You don't need to wait for those annual award shows; after all, Los Angeles is home base for many of the rich and famous, at least part of the year. The two likeliest places to spot celebrities in L.A. are airports — we bumped into former Tampa Bay Buccaneers head coach Jon Gruden at LAX — and the plush Grove shopping district where Mario Lopez videotapes his Extra entertainment news show on most weekdays. The day we visited the Extra set, Glee's Ashley Fink and American Idol castoff Chris Medina were the guests. Certainly not A-listers, but a few dozen tourists behind them on camera didn't mind.
If celebs are going to the Gap, they shop at the one at the Grove, so wander around and keep your eyes peeled.
Also, you don't have to drop a small fortune at Spago or the Ivy to eat near the stars. Try Pink's, a hot dog stand on La Brea Avenue, where walls are covered with autographed photos of satisfied celebrity customers. Hot restaurants in L.A. come and go — Katsuya is a current place to be seen — but Pink's has tempted Hollywood's elite off their diets since The Wizard of Oz was released in 1939. In a town obsessed with thin thighs and full lips, Pink's shows no sign of slowing down. Not to worry if you don't see anyone because you'll have the best hot dog in the world here.
We stayed a few days at one of Tinsel Town's most historic and ritzy hotels, the Hollywood Roosevelt, where the first Academy Awards were handed out in 1928. Outside our windows, this year's Oscars red carpet was set up on Hollywood Boulevard.
The E! channel took over much of the Roosevelt for its Oscars coverage. I almost stepped on American Idol host Ryan Seacrest coming out of an elevator. Models from Playboy and Victoria's Secret strutted around but I swear I didn't notice. The valet parking guy told me E! chased away the usual Monday night crowd in Teddy's lounge, where everyone from actor Leonardo DiCaprio to crooner Lionel Richie hangs out.
We also discovered comfy hotels in the Kodak Theatre's shadow, for a third of the Roosevelt's price with free parking and WiFi to boot. A five-minute walk got us to Teddy's, or any amenity the Roosevelt offers. Plus the entire Hollywood Boulevard circus of stargazer attractions, in case your celebrity quest is satisfied with Grauman's footprints, Madame Tussauds' wax statues and Jimmy Kimmel taping his talk show.
Not us. We hit the ground running with the red carpet premiere of Hall Pass — Owen Wilson was cool, but Larry David! — and were still scanning faces at LAX before departure a week later.
Taking to the sky
When we couldn't find celebrities on the ground, we chartered a helicopter to fly over their luxurious homes. The pilot said he hasn't seen Halle Berry by her pool, but he always checks.
Without question, the quickest way through Los Angeles is over it, in a chartered chopper soaring over chronically clogged freeways and avenues. It's also a nifty means of seeing how lavishly some celebrities live, while splurging a little yourself.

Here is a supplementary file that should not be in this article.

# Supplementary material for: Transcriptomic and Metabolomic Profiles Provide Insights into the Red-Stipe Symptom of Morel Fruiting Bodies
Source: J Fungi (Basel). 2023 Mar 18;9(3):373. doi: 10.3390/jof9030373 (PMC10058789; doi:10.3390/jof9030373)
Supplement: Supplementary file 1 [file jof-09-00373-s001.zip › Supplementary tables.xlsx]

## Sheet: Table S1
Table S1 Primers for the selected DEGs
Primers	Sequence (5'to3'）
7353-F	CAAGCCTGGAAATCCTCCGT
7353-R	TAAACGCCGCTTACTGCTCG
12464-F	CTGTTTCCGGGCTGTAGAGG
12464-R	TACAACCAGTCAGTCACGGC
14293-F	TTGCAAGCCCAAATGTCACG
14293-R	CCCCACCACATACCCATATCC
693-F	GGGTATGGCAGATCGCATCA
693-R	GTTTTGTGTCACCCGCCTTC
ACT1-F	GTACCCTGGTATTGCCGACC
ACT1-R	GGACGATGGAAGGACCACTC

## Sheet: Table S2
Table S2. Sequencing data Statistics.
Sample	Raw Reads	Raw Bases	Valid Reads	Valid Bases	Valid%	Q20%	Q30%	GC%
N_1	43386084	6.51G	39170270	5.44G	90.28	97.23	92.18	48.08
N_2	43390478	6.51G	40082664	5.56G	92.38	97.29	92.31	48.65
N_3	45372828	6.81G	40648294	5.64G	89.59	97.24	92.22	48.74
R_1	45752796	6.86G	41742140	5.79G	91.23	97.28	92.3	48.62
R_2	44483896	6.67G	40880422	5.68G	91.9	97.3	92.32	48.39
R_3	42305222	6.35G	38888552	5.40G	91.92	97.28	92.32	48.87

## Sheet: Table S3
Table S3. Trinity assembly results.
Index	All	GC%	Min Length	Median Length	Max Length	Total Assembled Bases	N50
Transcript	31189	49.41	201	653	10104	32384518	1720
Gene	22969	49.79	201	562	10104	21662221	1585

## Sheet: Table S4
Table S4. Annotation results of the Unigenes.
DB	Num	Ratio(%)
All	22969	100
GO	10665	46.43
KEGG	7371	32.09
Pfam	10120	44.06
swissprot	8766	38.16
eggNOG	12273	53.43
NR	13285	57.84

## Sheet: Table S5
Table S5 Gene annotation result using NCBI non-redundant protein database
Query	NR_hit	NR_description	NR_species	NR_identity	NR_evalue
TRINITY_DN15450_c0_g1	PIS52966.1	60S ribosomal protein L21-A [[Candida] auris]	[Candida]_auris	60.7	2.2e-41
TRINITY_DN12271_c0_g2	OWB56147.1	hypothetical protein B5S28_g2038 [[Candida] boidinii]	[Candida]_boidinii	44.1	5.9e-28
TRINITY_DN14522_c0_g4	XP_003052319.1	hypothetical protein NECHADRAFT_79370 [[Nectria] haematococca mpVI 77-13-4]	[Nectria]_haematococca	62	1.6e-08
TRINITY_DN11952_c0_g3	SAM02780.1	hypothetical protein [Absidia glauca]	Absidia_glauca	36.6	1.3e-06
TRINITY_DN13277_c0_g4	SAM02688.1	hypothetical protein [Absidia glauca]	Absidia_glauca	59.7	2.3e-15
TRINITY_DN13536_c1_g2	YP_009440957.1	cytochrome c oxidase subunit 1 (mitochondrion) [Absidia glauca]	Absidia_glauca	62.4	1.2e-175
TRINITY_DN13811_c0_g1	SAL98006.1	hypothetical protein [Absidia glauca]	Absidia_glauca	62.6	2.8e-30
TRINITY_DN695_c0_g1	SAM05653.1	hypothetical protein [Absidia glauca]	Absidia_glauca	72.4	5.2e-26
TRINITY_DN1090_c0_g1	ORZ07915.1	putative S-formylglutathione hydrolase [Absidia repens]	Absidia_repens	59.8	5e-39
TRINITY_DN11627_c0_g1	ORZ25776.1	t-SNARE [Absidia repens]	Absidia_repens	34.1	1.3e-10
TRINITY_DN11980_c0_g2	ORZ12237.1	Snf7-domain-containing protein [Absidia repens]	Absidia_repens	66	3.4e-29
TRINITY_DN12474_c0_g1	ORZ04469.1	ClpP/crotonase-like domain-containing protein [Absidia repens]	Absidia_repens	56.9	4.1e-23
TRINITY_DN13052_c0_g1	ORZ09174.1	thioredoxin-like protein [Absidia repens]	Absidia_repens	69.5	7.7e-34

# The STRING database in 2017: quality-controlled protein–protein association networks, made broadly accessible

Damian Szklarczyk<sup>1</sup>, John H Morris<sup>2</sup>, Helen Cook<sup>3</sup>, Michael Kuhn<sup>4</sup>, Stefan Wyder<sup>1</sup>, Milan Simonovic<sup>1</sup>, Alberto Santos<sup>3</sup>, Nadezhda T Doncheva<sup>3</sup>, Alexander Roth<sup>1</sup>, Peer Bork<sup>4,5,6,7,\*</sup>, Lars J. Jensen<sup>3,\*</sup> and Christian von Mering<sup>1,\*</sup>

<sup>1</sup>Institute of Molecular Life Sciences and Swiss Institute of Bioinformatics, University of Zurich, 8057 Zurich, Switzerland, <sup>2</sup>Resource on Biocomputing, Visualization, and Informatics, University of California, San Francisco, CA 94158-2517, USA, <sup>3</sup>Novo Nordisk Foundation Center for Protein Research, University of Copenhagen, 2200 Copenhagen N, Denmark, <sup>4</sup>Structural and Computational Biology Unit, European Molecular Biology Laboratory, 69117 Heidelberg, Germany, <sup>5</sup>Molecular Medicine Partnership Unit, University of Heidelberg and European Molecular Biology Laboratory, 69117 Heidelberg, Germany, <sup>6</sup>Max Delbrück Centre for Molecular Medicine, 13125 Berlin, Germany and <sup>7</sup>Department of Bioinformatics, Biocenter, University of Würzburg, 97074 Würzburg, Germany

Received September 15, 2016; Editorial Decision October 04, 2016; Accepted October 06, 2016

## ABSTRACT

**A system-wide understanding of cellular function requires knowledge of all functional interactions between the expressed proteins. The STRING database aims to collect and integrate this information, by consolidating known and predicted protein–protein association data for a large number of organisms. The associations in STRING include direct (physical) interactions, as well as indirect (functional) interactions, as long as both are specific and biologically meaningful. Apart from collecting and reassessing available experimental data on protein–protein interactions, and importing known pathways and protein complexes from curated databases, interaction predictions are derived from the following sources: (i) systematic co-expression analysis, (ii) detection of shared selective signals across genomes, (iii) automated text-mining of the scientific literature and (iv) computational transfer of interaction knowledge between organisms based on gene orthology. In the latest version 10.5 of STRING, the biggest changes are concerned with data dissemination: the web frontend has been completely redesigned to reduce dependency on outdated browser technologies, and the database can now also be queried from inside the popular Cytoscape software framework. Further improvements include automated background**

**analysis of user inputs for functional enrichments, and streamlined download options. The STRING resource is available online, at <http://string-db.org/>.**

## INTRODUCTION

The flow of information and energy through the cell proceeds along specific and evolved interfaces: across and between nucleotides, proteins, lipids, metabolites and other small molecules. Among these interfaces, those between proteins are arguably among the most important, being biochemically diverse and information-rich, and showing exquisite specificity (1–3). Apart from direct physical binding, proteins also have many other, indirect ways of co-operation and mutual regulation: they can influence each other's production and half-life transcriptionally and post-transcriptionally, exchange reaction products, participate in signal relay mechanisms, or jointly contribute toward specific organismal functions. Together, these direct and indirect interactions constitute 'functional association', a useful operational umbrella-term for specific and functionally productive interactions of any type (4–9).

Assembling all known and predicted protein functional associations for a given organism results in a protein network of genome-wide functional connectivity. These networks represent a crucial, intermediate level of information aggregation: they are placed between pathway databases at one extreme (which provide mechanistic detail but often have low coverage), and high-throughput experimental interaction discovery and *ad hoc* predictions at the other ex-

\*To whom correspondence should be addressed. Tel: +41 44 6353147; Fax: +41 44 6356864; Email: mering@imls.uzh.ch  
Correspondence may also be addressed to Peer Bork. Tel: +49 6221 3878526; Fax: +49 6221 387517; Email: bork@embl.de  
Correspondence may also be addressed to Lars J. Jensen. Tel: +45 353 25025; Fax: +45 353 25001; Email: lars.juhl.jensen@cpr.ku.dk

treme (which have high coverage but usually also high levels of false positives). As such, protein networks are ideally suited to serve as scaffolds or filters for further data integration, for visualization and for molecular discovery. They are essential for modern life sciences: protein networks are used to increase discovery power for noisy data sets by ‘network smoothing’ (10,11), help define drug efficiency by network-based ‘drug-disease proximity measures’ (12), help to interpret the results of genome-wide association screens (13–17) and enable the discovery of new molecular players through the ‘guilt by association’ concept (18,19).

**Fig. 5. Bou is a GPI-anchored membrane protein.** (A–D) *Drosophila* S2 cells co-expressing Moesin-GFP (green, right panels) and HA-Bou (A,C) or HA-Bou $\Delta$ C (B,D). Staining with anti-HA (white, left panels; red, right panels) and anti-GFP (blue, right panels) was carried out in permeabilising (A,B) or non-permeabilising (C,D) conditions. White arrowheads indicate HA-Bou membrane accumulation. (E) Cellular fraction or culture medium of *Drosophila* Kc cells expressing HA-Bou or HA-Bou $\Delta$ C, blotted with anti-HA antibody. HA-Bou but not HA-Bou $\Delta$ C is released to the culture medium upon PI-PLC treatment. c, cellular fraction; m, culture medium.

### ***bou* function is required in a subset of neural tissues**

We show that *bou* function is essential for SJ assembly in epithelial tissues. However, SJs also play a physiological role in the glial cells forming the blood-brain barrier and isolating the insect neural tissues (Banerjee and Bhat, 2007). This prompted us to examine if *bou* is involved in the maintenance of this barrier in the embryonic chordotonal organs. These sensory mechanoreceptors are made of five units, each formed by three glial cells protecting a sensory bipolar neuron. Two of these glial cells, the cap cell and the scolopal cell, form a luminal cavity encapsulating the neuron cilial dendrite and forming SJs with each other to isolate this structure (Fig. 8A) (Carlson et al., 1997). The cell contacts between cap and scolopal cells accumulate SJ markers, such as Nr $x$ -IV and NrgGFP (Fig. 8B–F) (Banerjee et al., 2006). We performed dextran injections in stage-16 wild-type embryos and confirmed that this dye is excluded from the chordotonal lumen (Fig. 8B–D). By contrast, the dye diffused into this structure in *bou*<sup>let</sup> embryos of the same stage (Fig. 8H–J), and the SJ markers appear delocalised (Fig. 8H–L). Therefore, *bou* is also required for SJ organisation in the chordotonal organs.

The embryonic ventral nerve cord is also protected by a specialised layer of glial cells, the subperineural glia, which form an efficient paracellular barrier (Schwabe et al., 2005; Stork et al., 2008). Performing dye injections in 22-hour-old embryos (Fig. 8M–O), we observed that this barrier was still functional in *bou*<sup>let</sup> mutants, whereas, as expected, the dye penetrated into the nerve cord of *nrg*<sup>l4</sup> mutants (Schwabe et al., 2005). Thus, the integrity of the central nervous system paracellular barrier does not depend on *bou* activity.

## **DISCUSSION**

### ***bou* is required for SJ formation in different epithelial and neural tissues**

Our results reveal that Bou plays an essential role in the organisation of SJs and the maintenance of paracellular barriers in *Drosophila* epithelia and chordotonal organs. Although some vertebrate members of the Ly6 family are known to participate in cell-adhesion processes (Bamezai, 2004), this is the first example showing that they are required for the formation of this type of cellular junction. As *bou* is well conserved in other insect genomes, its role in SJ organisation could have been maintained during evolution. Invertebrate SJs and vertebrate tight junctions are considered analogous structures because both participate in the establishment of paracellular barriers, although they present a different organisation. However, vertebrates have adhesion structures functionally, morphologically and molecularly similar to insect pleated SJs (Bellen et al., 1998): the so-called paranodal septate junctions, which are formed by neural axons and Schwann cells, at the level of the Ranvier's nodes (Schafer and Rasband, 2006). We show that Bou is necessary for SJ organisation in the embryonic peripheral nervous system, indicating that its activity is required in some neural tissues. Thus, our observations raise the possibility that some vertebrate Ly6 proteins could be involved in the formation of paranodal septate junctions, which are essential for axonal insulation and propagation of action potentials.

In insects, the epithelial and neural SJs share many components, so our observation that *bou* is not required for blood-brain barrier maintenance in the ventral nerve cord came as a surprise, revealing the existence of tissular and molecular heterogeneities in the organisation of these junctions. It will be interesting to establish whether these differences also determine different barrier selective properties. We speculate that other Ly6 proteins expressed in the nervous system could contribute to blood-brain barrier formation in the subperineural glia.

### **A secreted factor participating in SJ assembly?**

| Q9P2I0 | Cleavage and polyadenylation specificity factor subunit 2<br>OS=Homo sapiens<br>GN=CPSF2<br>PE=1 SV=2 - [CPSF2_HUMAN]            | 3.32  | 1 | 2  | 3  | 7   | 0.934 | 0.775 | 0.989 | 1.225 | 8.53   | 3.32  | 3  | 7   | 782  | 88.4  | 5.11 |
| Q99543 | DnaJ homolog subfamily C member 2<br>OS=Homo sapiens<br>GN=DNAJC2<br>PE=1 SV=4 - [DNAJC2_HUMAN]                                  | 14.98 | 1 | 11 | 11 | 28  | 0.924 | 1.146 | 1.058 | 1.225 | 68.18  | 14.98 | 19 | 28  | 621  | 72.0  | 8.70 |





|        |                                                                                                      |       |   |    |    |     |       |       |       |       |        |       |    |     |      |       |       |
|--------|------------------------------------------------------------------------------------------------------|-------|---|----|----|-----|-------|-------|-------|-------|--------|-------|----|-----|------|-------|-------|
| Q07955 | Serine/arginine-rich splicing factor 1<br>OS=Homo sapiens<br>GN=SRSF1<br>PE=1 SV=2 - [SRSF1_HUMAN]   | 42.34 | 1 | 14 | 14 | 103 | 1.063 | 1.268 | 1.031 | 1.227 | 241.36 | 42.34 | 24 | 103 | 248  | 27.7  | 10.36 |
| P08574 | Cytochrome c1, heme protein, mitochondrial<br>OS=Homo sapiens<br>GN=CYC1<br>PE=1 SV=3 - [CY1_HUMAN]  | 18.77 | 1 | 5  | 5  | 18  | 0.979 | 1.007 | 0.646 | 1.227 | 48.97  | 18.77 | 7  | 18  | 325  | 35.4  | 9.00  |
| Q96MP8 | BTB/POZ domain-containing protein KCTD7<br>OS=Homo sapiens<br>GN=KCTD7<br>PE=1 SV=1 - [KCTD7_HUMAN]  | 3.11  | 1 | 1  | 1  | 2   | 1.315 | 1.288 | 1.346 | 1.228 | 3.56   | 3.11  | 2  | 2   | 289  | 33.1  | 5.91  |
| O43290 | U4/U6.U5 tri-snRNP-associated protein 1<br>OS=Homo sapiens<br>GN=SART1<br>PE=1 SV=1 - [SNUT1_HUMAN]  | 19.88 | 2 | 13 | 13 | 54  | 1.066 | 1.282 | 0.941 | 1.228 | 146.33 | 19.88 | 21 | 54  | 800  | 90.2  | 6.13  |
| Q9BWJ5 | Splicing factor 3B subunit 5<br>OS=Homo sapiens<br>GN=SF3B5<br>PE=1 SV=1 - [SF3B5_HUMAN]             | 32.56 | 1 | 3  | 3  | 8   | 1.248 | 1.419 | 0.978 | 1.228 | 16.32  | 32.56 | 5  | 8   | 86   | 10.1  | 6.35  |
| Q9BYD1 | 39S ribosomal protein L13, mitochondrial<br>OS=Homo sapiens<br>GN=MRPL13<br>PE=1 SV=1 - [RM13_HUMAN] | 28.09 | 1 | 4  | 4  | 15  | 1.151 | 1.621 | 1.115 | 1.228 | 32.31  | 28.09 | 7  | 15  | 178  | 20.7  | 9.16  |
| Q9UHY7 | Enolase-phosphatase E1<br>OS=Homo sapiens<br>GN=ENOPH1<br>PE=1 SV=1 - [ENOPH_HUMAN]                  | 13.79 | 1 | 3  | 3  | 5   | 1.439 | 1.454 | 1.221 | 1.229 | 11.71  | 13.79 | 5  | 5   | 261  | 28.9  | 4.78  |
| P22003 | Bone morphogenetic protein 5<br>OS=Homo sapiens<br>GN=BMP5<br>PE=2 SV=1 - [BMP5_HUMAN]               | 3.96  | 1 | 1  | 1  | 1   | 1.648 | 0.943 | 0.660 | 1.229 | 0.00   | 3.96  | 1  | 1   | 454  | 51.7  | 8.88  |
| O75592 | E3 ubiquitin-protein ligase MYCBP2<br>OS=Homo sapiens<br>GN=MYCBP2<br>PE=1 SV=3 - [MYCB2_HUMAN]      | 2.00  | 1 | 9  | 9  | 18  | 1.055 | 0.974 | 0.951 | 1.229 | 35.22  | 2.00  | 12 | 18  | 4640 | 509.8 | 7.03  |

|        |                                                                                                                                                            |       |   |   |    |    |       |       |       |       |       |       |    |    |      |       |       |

For $1,000, Mike Klein of Lite Flight Helicopters (liteflighthelicopters.com) provides a 90-minute aerial tour of star mansions from the Hollywood sign to Venice Beach to Malibu. Hard to identify those golfers at the Playboy Mansion from 800 feet overhead, but they must have been more famous than us.
We got a kick from Rod Stewart's house's lemon-yellow paint job, and the extravagance of late producer Aaron Spelling's 56,500-square-foot French chateau. Eddie Murphy installed a child's fantasy play set in his front yard, and Johnny Depp's place is surrounded by inordinately dense trees. Denzel Washington lives as large as you'd expect from an Oscar winner.
Klein pointed out the house where Michael Jackson collapsed and the Governator's mansion on our way to Malibu's Millionaire Row, where Steven Spielberg, Ozzy Osbourne and Steve Jobs can share garden tools. They are just down the Pacific Coast Highway from Jay-Z and Beyoncé, Jennifer Aniston and Jerry Seinfeld, not far from Paradise Cove with its million-dollar mobile homes overlooking the surf.
This is surreal estate, for sure.
"People get into the helicopter and say, 'I don't care about celebrities,' " Klein said. "Then you say there's Johnny Depp's house, and they say, 'Where?' They can't help it.
"Sign up for a celebrity (bus) tour and you know what you see? A big gate. This way, you see the yard, the pool, everything."
Visits to late stars
Back on the ground, we unearthed one surefire place for getting close to celebrities, and they don't mind. No chance of getting autographs, though.
Just off bustling Wilshire Boulevard, surrounded by office buildings, are manicured acres known as Pierce Brothers Westwood Village Memorial Park. It's one of several cemeteries where fans get within 6 feet of Hollywood's dearly departed stars.
Visitors leave lipstick kisses on Marilyn Monroe's mausoleum crypt, and smile at witty epitaphs; among them, Rodney Dangerfield's declares "There goes the neighborhood," and Merv Griffin promises "I will NOT be back right after these messages." Dean Martin reminds us "Everybody loves somebody sometime." Jack Lemmon and Walter Matthau rightfully rest near each other, an odd couple for eternity.
Dead or alive, there are plenty of opportunities for big name hunting in L.A., with smart planning, sharp eyes and a bit of luck. Starstruck can occur in the time it takes to look up from a menu. Anyone who loves movies deserves their Poitier moment.
Steve Persall can be reached at firstname.lastname@example.org or (727) 893-8365.